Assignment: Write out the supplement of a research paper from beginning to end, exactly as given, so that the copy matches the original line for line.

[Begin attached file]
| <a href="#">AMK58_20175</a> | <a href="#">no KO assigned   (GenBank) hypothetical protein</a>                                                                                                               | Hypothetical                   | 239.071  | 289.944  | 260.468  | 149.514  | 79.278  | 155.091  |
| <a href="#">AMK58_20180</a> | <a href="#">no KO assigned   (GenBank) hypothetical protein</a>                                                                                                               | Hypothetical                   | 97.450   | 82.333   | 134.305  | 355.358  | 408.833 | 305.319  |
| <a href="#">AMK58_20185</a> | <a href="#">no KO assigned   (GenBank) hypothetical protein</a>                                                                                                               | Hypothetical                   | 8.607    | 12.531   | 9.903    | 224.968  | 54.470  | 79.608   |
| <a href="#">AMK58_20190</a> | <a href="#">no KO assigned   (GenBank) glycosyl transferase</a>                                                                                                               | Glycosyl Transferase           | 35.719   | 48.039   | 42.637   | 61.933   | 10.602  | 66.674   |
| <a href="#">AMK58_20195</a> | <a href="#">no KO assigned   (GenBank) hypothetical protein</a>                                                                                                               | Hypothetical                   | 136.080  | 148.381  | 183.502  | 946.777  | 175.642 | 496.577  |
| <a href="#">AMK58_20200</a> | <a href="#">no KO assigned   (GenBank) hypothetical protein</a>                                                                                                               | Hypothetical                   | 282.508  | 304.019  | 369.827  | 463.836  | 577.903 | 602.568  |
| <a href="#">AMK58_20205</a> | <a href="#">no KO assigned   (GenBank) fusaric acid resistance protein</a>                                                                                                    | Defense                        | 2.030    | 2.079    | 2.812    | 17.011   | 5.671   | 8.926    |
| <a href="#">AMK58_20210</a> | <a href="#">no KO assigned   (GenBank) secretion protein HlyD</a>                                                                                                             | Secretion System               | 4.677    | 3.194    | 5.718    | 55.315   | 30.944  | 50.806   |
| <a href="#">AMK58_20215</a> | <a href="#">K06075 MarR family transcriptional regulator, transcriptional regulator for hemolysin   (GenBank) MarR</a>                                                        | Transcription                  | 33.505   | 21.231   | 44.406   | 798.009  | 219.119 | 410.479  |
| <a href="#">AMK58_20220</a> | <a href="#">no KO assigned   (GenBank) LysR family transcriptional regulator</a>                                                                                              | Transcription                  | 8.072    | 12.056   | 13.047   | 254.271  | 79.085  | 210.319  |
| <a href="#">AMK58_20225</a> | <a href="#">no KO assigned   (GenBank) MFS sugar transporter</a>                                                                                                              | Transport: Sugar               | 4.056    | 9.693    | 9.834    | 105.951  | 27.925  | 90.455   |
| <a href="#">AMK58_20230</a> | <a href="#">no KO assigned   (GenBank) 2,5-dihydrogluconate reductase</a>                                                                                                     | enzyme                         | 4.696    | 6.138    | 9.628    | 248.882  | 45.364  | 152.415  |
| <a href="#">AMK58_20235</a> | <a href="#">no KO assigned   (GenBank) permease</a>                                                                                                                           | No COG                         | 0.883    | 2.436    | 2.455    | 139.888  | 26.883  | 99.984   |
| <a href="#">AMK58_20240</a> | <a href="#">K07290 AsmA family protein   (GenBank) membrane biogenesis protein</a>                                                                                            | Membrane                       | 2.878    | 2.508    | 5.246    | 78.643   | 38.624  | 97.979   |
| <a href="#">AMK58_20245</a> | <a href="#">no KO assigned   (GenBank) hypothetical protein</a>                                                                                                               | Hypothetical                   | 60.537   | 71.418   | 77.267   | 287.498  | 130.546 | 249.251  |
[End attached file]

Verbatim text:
| <a href="#">AMK58_20175</a> | <a href="#">no KO assigned   (GenBank) hypothetical protein</a>                                                                                                               | Hypothetical                   | 239.071  | 289.944  | 260.468  | 149.514  | 79.278  | 155.091  |
| <a href="#">AMK58_20180</a> | <a href="#">no KO assigned   (GenBank) hypothetical protein</a>                                                                                                               | Hypothetical                   | 97.450   | 82.333   | 134.305  | 355.358  | 408.833 | 305.319  |
| <a href="#">AMK58_20185</a> | <a href="#">no KO assigned   (GenBank) hypothetical protein</a>                                                                                                               | Hypothetical                   | 8.607    | 12.531   | 9.903    | 224.968  | 54.470  | 79.608   |
| <a href="#">AMK58_20190</a> | <a href="#">no KO assigned   (GenBank) glycosyl transferase</a>                                                                                                               | Glycosyl Transferase           | 35.719   | 48.039   | 42.637   | 61.933   | 10.602  | 66.674   |
| <a href="#">AMK58_20195</a> | <a href="#">no KO assigned   (GenBank) hypothetical protein</a>                                                                                                               | Hypothetical                   | 136.080  | 148.381  | 183.502  | 946.777  | 175.642 | 496.577  |
| <a href="#">AMK58_20200</a> | <a href="#">no KO assigned   (GenBank) hypothetical protein</a>                                                                                                               | Hypothetical                   | 282.508  | 304.019  | 369.827  | 463.836  | 577.903 | 602.568  |
| <a href="#">AMK58_20205</a> | <a href="#">no KO assigned   (GenBank) fusaric acid resistance protein</a>                                                                                                    | Defense                        | 2.030    | 2.079    | 2.812    | 17.011   | 5.671   | 8.926    |
| <a href="#">AMK58_20210</a> | <a href="#">no KO assigned   (GenBank) secretion protein HlyD</a>                                                                                                             | Secretion System               | 4.677    | 3.194    | 5.718    | 55.315   | 30.944  | 50.806   |
| <a href="#">AMK58_20215</a> | <a href="#">K06075 MarR family transcriptional regulator, transcriptional regulator for hemolysin   (GenBank) MarR</a>                                                        | Transcription                  | 33.505   | 21.231   | 44.406   | 798.009  | 219.119 | 410.479  |
| <a href="#">AMK58_20220</a> | <a href="#">no KO assigned   (GenBank) LysR family transcriptional regulator</a>                                                                                              | Transcription                  | 8.072    | 12.056   | 13.047   | 254.271  | 79.085  | 210.319  |
| <a href="#">AMK58_20225</a> | <a href="#">no KO assigned   (GenBank) MFS sugar transporter</a>                                                                                                              | Transport: Sugar               | 4.056    | 9.693    | 9.834    | 105.951  | 27.925  | 90.455   |
| <a href="#">AMK58_20230</a> | <a href="#">no KO assigned   (GenBank) 2,5-dihydrogluconate reductase</a>                                                                                                     | enzyme                         | 4.696    | 6.138    | 9.628    | 248.882  | 45.364  | 152.415  |
| <a href="#">AMK58_20235</a> | <a href="#">no KO assigned   (GenBank) permease</a>                                                                                                                           | No COG                         | 0.883    | 2.436    | 2.455    | 139.888  | 26.883  | 99.984   |
| <a href="#">AMK58_20240</a> | <a href="#">K07290 AsmA family protein   (GenBank) membrane biogenesis protein</a>                                                                                            | Membrane                       | 2.878    | 2.508    | 5.246    | 78.643   | 38.624  | 97.979   |
| <a href="#">AMK58_20245</a> | <a href="#">no KO assigned   (GenBank) hypothetical protein</a>                                                                                                               | Hypothetical                   | 60.537   | 71.418   | 77.267   | 287.498  | 130.546 | 249.251  |